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The War on Terror


HIP/Art Resource, NY

Pirates Attacking a British Navy Ship – 17th Century.

A War on Terror: Is it Possible?

by John Scott Cowan

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Editor’s Note: This is the text of the closing keynote address, given to the 7th Canadian Conference on Ethical Leadership, held at the Royal Military College of Canada (RMC), 28-29 November 2006, and sponsored by the Canadian Forces Leadership Institute, the Defence Ethics Program, the Canadian Defence Academy, and RMC. The theme of the 7th Conference was “Ethical Behaviour in an Environment of Chaos and Complexity.”

Setting the Stage

The title that I chose for my comments today was: A War on Terror: Is it Possible? But it is certainly not my intention to talk about Mr. Bush’s war on terror, except perhaps tangentially, and I would also prefer to sidestep a host of technical issues. I am indeed aware that the lawyers tell us that technically you cannot have a war against a technique or activity, but only against a definable human opponent, and the use of the term “war” in this regard is a sort of hyperbolic, rhetorical flourish, where the proper terminology would probably be “campaign to reduce or eliminate.” In the United States and elsewhere, it is a common way to make something vivid, such as Nixon’s “War on Cancer” or the perpetually unsuccessful “War on Drugs.”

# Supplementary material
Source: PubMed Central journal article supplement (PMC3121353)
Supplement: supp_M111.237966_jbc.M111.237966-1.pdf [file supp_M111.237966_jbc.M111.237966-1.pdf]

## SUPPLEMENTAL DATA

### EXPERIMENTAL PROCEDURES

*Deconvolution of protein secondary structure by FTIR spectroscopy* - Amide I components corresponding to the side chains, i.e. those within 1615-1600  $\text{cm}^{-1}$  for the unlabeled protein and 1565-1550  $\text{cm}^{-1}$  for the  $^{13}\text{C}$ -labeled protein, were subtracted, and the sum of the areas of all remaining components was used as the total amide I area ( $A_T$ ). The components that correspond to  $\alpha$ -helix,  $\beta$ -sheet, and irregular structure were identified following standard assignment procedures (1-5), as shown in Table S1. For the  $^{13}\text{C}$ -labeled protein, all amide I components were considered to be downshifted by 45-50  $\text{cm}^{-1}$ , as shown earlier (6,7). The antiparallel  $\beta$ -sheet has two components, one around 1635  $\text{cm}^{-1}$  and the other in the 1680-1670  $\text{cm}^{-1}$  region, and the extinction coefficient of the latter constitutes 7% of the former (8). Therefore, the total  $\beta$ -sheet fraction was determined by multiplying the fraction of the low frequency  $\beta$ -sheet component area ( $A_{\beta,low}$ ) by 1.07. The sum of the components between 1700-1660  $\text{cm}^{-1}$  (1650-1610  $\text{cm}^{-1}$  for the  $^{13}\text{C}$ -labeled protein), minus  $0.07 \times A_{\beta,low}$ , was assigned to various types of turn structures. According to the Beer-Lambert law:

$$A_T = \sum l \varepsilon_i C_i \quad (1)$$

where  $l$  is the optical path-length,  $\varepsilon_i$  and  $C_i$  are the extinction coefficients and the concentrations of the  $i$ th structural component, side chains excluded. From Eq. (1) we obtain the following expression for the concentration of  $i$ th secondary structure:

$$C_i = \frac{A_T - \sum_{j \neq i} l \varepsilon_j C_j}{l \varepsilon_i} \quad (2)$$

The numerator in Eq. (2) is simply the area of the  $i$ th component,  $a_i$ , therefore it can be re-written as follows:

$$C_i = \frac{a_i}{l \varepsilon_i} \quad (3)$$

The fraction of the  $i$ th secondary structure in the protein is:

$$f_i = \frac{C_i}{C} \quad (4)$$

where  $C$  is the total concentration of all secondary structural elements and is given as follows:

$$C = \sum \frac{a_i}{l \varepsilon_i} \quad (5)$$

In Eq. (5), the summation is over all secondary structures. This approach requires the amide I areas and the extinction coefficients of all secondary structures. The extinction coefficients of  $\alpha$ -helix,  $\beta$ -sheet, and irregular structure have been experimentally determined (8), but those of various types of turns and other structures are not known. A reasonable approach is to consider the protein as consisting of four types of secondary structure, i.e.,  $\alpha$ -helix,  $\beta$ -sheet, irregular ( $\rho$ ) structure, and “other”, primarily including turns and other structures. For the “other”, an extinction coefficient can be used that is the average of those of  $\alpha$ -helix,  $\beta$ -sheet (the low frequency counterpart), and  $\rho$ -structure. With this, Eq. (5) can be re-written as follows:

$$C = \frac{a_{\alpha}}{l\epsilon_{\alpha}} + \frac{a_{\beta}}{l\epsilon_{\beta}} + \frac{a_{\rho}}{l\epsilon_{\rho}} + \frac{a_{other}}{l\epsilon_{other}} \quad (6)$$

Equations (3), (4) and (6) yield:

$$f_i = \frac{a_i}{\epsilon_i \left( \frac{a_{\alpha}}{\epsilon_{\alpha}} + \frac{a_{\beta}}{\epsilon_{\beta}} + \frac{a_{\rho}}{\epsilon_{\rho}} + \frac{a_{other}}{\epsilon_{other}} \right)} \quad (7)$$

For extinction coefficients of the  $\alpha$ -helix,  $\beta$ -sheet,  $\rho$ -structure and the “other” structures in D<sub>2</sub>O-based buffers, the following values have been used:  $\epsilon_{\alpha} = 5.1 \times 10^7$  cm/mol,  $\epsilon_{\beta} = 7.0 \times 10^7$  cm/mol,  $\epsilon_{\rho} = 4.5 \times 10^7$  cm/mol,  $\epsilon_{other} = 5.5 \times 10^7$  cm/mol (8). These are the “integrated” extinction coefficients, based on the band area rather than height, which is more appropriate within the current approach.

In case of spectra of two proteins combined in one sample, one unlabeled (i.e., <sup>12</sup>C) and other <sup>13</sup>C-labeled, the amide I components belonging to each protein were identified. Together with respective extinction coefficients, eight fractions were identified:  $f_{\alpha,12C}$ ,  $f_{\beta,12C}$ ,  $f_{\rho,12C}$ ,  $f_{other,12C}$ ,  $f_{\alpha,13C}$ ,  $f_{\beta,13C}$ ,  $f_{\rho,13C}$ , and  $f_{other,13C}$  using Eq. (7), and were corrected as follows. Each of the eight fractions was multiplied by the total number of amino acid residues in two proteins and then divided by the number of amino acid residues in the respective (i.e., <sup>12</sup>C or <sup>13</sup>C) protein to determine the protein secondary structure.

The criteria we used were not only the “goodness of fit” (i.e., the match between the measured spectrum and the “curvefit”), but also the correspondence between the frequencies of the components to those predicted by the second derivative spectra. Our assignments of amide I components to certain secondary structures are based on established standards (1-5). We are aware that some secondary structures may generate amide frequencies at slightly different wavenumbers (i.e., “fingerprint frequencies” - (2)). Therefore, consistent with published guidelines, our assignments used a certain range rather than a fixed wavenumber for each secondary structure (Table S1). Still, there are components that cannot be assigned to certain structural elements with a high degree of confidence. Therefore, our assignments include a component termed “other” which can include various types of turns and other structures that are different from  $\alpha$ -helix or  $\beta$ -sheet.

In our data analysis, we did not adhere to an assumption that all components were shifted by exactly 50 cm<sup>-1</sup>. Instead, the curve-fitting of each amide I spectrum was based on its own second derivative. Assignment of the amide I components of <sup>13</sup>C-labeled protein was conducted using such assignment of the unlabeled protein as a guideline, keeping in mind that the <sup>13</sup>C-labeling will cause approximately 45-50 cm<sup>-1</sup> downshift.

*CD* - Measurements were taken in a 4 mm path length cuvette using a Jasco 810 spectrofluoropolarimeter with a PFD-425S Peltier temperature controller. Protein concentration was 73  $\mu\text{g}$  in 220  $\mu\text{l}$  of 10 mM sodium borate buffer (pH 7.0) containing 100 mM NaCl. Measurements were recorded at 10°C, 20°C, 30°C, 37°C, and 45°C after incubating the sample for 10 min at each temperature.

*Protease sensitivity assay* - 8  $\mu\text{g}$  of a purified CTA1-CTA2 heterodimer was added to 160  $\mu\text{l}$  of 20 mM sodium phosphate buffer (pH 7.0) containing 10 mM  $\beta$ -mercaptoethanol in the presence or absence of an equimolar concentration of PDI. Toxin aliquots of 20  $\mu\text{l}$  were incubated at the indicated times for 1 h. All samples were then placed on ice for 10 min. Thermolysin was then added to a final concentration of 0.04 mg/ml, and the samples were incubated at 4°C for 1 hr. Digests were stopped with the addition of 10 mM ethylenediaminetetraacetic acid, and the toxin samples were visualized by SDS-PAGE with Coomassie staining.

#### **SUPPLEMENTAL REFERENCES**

Furthermore, I do not propose to fret overly about the fact that there is not a generally agreed upon international definition of terrorism. And again, the lawyers often object to the term “terrorism” being applied to acts perpetrated or sanctioned by states, as they often view such acts as “war crimes,” and yet we speak easily of states and proto-states that sponsor, harbour or assist terrorists. For the time being, I am prepared to live with a broad-brush definition that has three features: (1) it does not restrict the perpetrators to non-state actors, (2) it is an action directed against non-combatants, and (3), it has a “political” purpose, using that term very broadly. For convenience, I will accept the definition used by the Secretary General of the United Nations, Kofi Annan, in his address to the Madrid Summit on 10 March 2005, which is:

“Any action constitutes terrorism if it is intended to cause death or serious bodily harm to civilians or non-combatants with the purpose of intimidating a population or compelling a government or an international organization to do or abstain from doing any act.”